A sociocultural comparison of Japanese and American high schools

Any anime appreciator has surely asked themselves: “Are Japanese high schools really like this?” After reading Thomas P. Rohlen’s Japan’s High Schools, I would be inclined to respond, “yes.”

In 1983, Rohlen published an anthropological study of the Japanese high school system based on a year’s worth of fieldwork across five different Japanese high schools in the city of Kobe. Upon reading this account of Japanese high school life, I could not help but draw comparisons to the American high school system ー comparisons which are deeply unflattering to America! Despite wide criticism of its inflexible, exam-focused educational system, the portrait of Japanese students in Rohlen’s study was striking in its description of their independence and extracurricular engagement.

High school is typically considered to be a formative gateway into the adult life of a university student. This is all the more true in Japan, where the admissions process sorts students into tiers of vastly differing abilities, in stark contrast to the robust mixing of socioeconomic classes in elementary and middle schools. I summarize some particular areas of interest below, which I hope to be of as much interest to my reader as they were to me.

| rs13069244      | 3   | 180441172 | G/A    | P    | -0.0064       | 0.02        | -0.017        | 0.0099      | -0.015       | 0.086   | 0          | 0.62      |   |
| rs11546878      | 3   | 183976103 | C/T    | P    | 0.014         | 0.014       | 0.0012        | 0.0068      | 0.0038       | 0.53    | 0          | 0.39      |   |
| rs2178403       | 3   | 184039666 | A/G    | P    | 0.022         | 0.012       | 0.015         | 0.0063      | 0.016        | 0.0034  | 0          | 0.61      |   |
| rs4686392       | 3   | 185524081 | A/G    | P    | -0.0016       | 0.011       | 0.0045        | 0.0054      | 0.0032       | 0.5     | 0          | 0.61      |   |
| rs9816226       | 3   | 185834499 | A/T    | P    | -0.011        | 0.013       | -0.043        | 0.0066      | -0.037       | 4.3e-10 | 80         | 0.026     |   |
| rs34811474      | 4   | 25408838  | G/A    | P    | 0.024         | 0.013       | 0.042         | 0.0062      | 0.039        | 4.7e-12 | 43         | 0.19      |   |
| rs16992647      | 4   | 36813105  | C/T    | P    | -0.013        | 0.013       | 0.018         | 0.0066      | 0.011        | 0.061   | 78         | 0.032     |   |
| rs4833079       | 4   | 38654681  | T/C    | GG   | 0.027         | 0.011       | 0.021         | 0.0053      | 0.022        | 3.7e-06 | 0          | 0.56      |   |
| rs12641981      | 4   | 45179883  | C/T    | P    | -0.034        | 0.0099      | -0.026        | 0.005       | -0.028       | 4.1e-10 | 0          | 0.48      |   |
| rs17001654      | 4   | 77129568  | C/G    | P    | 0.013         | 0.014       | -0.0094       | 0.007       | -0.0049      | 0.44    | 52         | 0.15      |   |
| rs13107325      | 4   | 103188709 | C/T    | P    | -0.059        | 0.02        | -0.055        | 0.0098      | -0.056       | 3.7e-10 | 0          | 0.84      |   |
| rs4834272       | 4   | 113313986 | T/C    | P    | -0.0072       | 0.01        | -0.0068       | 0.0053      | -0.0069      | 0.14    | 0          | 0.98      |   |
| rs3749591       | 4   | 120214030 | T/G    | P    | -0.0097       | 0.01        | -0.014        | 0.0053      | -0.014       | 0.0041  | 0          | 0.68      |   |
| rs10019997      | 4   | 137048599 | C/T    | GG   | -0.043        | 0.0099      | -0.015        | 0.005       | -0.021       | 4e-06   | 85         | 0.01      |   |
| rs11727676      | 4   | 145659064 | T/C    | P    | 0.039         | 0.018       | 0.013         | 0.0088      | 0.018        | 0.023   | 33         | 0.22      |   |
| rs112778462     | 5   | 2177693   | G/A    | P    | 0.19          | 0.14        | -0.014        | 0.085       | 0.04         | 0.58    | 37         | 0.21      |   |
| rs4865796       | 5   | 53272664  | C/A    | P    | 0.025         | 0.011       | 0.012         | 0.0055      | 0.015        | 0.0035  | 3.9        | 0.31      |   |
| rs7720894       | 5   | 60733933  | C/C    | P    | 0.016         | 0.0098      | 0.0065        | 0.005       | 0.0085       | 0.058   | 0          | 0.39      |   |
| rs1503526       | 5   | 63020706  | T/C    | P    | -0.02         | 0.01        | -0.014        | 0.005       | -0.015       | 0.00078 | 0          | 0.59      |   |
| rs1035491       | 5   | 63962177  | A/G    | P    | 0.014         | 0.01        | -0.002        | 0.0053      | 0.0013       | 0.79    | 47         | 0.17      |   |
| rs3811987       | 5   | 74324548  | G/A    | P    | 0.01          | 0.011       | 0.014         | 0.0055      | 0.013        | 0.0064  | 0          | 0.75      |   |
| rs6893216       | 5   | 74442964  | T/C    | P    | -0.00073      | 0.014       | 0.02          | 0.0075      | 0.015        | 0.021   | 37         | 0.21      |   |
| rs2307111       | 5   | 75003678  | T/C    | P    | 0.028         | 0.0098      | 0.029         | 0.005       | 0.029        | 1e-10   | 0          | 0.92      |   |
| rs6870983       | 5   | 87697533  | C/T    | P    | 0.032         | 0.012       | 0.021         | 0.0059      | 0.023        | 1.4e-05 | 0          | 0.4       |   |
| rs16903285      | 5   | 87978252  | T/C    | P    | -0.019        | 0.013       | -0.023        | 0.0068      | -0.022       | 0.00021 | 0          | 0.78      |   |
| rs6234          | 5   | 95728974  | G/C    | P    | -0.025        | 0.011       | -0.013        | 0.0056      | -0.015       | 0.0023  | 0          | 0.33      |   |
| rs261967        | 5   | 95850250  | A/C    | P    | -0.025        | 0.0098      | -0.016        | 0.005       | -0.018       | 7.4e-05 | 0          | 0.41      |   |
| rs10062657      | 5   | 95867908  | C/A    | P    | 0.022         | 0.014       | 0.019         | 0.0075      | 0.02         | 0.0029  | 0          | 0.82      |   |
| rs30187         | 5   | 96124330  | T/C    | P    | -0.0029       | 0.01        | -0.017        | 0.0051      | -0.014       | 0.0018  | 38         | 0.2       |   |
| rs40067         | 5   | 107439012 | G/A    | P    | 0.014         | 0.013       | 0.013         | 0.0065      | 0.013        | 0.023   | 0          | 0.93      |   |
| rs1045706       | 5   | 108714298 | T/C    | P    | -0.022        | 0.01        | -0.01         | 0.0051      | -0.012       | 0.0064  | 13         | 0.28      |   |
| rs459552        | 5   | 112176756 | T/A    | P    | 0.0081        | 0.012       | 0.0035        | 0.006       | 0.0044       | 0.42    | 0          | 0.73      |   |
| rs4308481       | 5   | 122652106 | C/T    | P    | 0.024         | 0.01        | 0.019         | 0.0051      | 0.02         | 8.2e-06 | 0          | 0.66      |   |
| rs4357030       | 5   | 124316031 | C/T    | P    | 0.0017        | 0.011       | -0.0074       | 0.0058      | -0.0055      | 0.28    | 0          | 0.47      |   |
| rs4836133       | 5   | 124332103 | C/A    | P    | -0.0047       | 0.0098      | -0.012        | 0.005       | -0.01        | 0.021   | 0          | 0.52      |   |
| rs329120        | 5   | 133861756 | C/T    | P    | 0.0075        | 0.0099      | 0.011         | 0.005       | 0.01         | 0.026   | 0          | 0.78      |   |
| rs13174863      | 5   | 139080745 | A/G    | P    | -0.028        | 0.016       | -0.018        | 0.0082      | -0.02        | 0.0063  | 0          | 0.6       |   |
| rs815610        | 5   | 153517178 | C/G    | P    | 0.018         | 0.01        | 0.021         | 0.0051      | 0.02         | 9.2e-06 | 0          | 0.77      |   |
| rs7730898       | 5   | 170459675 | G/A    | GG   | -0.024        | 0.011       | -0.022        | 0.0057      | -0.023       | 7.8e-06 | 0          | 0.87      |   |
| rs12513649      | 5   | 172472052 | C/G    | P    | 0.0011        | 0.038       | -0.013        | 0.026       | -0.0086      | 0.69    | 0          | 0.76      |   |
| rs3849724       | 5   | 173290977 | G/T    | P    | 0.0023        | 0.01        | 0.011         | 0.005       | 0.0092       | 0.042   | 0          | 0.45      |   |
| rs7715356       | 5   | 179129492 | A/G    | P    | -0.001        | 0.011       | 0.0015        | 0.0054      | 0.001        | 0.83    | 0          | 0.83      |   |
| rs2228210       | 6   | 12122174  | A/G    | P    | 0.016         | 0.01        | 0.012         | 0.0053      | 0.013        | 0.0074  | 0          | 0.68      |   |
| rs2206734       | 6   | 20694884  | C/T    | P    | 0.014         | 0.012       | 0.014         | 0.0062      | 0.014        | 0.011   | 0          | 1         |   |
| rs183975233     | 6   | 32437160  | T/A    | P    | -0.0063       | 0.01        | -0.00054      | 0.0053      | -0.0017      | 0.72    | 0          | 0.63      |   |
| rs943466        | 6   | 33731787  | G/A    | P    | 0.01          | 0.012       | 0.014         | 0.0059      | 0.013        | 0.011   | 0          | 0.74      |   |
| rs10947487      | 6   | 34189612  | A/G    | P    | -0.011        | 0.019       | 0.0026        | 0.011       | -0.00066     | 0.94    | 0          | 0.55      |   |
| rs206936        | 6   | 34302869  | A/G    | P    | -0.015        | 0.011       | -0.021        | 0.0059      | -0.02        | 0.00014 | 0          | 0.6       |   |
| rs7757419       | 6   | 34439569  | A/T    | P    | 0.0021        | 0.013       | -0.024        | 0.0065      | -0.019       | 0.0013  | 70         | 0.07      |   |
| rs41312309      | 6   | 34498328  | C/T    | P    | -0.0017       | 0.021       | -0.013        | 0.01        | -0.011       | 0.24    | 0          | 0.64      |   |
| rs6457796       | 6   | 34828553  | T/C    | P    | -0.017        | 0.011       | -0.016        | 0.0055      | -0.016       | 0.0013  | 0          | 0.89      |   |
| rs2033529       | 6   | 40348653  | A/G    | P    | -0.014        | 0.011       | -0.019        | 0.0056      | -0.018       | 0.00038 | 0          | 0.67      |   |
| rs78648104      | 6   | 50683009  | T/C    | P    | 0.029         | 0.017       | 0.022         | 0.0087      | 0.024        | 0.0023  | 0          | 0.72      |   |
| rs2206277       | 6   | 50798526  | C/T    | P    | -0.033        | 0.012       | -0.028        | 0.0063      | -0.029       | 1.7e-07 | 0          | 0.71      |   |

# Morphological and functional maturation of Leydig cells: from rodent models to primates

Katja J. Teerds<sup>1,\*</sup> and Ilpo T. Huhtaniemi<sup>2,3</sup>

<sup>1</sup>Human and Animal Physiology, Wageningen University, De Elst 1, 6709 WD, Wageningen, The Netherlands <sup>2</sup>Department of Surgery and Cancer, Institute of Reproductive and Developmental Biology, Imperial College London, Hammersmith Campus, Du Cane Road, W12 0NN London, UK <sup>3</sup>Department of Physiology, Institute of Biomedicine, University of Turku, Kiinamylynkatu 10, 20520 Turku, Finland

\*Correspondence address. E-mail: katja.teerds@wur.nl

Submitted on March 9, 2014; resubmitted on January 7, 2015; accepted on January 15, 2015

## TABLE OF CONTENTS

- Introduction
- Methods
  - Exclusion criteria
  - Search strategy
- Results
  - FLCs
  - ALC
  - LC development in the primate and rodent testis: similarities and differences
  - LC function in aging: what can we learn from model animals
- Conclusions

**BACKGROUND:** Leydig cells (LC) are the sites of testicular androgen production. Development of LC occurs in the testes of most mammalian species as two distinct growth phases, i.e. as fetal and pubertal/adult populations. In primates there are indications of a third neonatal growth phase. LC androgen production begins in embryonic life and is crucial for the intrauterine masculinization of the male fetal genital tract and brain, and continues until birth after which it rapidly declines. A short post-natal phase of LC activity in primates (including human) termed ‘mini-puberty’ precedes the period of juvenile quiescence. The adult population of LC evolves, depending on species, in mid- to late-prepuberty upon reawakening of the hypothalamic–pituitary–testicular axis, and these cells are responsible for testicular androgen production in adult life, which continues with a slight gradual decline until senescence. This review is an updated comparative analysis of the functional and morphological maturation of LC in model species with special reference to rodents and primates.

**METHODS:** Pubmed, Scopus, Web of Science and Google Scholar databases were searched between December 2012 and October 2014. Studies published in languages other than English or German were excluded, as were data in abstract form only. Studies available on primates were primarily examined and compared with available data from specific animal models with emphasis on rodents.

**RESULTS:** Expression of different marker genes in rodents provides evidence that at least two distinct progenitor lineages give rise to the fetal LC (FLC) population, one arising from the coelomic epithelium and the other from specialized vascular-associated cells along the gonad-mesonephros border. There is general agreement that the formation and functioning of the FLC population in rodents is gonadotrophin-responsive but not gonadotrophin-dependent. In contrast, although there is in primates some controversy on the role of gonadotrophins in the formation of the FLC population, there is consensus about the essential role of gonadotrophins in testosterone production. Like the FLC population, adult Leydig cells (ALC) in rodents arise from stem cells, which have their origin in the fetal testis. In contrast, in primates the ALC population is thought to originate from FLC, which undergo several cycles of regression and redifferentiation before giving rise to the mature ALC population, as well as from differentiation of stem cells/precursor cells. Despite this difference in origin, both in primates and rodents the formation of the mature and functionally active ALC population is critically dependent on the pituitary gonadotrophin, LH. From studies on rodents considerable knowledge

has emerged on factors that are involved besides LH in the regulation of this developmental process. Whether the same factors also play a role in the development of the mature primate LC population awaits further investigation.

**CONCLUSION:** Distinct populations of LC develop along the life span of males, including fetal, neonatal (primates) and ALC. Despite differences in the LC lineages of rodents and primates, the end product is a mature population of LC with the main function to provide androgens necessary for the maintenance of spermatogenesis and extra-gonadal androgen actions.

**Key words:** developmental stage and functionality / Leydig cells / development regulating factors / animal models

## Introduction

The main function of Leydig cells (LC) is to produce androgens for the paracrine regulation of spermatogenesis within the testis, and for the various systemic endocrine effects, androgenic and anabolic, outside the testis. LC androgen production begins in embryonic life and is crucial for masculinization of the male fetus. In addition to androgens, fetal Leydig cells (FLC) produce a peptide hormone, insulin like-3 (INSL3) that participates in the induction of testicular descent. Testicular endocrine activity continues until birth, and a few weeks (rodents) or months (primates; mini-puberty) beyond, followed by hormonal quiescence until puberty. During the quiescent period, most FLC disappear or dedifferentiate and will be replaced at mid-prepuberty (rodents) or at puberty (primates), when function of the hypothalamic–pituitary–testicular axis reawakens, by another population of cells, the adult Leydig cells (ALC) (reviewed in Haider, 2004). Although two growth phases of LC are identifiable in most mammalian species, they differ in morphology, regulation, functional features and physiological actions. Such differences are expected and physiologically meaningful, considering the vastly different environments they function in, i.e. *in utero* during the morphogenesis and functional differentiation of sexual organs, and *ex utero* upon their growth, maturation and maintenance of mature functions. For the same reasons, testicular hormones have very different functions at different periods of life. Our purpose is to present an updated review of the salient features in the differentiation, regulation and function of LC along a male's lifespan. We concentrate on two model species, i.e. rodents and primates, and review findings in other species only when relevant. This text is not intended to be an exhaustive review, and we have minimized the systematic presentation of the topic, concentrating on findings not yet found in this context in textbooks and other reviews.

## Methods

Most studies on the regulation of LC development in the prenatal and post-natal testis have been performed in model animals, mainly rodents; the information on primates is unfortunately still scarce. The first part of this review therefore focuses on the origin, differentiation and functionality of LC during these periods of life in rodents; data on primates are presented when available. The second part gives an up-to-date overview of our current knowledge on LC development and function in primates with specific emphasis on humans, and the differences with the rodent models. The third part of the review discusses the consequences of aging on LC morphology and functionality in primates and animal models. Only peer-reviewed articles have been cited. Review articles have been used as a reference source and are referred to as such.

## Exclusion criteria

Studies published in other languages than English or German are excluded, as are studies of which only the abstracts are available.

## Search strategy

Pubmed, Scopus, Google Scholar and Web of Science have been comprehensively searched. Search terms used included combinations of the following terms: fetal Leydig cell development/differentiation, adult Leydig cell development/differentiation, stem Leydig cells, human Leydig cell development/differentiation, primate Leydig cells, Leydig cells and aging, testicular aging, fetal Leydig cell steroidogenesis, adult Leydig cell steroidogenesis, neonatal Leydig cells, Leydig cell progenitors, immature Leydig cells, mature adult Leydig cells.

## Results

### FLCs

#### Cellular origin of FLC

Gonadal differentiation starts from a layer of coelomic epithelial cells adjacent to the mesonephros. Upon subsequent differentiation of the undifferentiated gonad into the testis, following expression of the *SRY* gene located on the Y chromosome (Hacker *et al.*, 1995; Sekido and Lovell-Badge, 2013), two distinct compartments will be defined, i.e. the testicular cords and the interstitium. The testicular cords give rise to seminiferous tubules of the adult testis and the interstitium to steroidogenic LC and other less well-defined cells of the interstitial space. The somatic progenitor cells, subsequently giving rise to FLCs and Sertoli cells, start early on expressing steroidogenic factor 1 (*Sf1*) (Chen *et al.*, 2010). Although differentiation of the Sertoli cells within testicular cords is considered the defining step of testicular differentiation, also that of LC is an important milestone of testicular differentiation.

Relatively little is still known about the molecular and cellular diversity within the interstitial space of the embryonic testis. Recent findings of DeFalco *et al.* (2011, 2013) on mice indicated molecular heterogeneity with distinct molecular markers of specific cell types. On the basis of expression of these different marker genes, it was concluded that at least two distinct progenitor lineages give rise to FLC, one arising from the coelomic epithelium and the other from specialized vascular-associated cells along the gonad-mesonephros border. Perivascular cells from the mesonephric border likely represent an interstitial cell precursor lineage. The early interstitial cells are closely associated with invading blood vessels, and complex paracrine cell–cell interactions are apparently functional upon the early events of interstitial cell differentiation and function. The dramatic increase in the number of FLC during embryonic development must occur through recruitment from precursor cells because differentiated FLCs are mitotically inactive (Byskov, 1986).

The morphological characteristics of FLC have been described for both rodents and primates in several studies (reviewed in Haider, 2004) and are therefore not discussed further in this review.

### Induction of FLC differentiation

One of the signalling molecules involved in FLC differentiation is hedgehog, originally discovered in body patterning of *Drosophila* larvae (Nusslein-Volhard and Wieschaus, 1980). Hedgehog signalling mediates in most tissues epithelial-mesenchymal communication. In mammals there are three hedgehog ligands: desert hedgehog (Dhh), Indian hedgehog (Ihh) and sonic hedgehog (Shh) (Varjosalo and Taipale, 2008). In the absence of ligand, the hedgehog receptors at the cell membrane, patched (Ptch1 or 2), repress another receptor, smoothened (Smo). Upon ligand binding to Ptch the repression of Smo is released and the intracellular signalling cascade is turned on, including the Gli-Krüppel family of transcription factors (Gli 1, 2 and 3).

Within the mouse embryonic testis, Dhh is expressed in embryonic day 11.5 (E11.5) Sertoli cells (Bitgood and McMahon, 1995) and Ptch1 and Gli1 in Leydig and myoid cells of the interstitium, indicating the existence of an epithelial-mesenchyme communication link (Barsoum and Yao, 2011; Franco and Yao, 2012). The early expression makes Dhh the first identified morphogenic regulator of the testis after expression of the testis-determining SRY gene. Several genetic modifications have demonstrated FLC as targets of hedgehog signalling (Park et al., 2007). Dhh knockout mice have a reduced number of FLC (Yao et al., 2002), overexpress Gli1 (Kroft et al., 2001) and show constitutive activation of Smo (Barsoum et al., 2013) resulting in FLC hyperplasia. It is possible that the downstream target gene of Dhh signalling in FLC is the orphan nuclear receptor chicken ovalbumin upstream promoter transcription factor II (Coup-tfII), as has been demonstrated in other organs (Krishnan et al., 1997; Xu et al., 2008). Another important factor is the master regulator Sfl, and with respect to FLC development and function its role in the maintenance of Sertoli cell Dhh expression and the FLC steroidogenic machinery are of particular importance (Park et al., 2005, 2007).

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A translation of Iwamura Tooru’s “A Great Scream” (大叫喚)

From the Minato City website:

1870-1917. Art historian and art critic. The firstborn son of a government official, Takatoshi Iwamura. From 1888, for five years he studied art in the United States and Europe. In Europe he learned painting techniques and read the history of Western art at the Academie Julien in Paris. When he returned to Japan, he formed the Hakubakai with Kiyoteru Kuroda, whom he met in Paris. He later became a professor at the Tokyo Art School (now the Tokyo National University of Fine Arts and Music). He also served as judge for a Ministry of Education art exhibition and devoted himself to founding the National Association of Art.

This short story was published in 1909. Source text.

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How to learn Japanese

This is a no-nonsense post on how to learn Japanese.

In this post, I lay out a basic description of how I attained intermediate competency in the Japanese language with a focus on reading comprehension. I describe the fundamental tools and sources I used as well as the rationale behind the design of my study plan.

Many gaps are left to the reader. I do not link every single resource, explain how to set up your flashcard software, etc. Instead, my goal is to give you the fundamental context behind what I did and why I did it, which should equip you with the ability to design your own course of attack.

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